Travelling with my sense of smell

An inquisitive look at smell

I took a train up to London today, and once in my seat did that thing that so many commuters do: I closed my eyes.  I practiced a few breathing exercises for relaxation. Then I realised that while I was taking these deep breaths, I was picking up smell information about what was around me. The very fact that I was noticing these smell messages was interesting to me. So, I thought, I'll quietly observe any little shreds of smell, and let them come and go, like clouds across the sky.

I have suffered total smell loss, and now have regained something like 30-40% of my smell function. I live in a strange world of smell vagueness, a world where you are never quite getting all the information. As a parosmic, my smellscape is distorted. Nothing smells as it should. It is like being in a country where you cannot understand the language, and the conversation you overhear might be noisy or barely audible. Still, you get to pick up a bit, and can infer a lot from context. But on this rainy morning on my way to London, what kind of messages could I pick up while doing a simple breathing exercise?

I started with a background smell. There was something but I couldn't say what.  Breathe in...maybe warm and stuffy, people smell?...breathe out. Breathe that really people smell? Never mind...breathe out. And so on. We stopped at a station, and people got on. I did not open my eyes, but listened intently to what was going on. I could feel that people were moving onto the train, and were seating themselves around me. Breathe I smell perfume? I continued this for another five minutes or so, just observing, not letting my mind get in the way and create some sort of narrative ("Do I smell someone eating a sandwich? Do I hear them crunching on a baguette?" "I wonder what perfume that is, or if I am smelling shampoo"). Mindfulness meditations require that you bring your focus onto physical sensation. Your feet in your shoes, touching the floor. Your hands on your lap. Instead, I was focussing on smell sensations.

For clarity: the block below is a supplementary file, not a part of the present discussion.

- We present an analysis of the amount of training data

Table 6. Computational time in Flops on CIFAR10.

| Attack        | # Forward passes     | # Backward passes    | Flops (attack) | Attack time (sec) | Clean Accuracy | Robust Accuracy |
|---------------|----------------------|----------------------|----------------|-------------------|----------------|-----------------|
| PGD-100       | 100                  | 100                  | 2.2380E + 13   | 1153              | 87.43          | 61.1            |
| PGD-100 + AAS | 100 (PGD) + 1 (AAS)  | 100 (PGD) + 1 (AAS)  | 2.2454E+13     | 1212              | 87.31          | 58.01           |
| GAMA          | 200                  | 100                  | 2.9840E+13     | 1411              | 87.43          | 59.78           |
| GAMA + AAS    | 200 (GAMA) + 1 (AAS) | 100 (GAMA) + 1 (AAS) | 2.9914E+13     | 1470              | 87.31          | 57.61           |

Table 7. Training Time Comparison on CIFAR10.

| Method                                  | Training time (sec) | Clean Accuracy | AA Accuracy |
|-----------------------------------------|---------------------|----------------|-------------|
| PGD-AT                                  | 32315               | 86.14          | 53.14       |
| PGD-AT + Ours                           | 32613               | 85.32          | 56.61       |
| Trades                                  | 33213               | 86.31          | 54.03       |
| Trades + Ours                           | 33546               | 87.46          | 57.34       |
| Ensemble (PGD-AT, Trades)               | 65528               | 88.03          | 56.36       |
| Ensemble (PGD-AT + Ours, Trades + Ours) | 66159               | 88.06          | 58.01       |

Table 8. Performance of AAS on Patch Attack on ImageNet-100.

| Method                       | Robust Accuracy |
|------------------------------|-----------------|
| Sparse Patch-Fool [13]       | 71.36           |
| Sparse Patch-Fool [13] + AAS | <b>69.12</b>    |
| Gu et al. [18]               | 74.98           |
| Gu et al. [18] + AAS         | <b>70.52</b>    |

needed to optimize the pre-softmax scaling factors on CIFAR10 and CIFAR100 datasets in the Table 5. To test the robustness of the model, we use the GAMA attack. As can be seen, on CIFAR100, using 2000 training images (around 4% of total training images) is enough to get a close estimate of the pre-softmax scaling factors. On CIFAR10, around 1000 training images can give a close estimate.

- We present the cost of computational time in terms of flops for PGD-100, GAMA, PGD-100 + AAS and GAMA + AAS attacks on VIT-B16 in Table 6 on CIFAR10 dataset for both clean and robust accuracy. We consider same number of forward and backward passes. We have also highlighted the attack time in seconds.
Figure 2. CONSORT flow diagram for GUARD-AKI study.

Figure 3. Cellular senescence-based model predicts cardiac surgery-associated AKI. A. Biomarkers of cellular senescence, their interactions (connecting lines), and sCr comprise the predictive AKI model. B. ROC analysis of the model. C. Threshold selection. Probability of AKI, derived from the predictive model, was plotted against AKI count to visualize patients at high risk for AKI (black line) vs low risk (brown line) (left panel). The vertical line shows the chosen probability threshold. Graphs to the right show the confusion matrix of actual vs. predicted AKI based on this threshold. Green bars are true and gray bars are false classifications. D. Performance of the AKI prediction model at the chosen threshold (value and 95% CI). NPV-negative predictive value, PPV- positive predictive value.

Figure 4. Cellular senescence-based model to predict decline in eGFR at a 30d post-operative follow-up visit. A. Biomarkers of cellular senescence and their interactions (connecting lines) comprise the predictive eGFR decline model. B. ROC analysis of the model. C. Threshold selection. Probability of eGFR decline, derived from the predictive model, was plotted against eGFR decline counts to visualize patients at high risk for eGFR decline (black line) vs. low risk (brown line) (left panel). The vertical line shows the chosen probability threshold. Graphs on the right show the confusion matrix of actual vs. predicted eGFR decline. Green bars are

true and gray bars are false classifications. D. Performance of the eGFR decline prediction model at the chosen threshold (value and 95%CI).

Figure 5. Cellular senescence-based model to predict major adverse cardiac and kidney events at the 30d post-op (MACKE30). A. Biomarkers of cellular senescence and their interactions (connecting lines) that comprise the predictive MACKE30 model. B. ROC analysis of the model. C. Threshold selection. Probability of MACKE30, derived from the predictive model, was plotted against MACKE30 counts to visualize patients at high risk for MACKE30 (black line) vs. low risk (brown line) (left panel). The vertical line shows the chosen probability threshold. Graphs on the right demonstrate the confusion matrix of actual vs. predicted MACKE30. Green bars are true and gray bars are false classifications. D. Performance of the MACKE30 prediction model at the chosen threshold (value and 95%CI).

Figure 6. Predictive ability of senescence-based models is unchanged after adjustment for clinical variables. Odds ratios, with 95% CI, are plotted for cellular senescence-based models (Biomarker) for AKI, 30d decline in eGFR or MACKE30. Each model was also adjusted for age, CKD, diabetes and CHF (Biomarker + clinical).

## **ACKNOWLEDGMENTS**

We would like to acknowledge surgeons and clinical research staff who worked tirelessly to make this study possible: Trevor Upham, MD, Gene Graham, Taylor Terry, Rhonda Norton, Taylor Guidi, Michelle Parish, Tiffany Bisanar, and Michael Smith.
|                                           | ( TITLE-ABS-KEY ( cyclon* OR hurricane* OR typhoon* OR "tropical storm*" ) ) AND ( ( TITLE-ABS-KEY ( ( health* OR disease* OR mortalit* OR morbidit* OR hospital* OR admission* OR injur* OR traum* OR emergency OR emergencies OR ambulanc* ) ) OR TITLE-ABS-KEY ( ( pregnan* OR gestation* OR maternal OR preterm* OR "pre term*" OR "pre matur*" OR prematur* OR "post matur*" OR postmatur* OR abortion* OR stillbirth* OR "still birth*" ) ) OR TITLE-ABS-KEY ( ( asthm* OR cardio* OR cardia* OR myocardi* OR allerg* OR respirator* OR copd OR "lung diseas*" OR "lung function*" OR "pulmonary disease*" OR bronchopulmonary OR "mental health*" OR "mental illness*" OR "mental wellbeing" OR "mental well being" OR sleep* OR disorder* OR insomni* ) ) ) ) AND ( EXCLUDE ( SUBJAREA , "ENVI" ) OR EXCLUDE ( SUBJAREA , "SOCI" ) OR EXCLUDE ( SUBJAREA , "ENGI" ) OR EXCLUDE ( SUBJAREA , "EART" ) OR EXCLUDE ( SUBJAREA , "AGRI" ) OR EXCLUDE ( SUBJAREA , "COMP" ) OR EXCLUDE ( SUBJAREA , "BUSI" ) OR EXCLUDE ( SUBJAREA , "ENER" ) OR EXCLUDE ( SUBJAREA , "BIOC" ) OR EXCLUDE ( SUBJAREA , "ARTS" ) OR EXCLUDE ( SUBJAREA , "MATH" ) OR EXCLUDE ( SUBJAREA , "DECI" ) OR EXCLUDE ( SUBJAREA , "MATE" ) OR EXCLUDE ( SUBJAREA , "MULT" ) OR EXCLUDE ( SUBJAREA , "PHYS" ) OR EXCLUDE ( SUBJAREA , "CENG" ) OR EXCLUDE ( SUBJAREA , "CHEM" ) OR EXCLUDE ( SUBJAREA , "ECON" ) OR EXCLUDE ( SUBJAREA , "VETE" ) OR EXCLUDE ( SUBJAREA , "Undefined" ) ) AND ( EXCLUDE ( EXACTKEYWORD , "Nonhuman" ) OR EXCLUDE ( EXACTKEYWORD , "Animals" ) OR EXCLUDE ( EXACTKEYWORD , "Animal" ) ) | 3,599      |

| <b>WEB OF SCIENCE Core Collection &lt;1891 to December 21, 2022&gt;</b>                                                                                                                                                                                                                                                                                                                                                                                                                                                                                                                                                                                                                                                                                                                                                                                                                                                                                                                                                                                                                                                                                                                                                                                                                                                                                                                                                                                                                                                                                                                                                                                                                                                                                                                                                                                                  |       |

And if you are going to try this yourself, letting the mind wander off onto a possibly anxiety-inducing jaunt is something that I need to be alert to. You don't want to start a tetchy conversation with yourself along the lines of "this smells like nothing I recognise, this is horrible, how long will it be like this, I can't bear the thought this might last forever, etc etc.”  With mindfulness, one of the first principles is "Minds wander. It's what they do."* So by all means say hello to those thoughts momentarily, usher them into the front door of your mind, and then usher them straight out of the back. And then close the door. Go back to simple, objective observation of your experience, without judgement.

My train ride ended, and I made my way up to UCLH hospital, one of London's largest and busiest.   I was out of relaxation mode, as you can imagine, having just come up from the Northern Line on the tube. And yet, as I made my way through the large main reception area, and sat down for a coffee (I was miles too early for my appointment), I continued to think about a more low-level smell mindfulness. As I walked through the hospital, I noticed that nearly everything, however faintly and indistinctly, had a smell signature. I walked slowly, and followed my nose, thinking. A sort of two legged bloodhound. An older gentleman in a black overcoat gave me a fairy dusting of aftershave. The coffee station had it's own smell of coffee of course, but also...toasting sandwiches, wet paper cups? I am guessing on that, because that is what I imagine it must smell like.  Telling myself “this smell? Next time remember: it’s a coffee shop”. A woman in a wheelchair and her carer left behind a wisp of something sweetie-like. Maybe pear drops. Maybe not. For me, the exercise of thinking about smell during my walk through the hospital was not so much about recognising smells, but about reassigning meaning to new smells. And just, well, noticing.

* I have this from my mindfulness instructor, Gail Loudon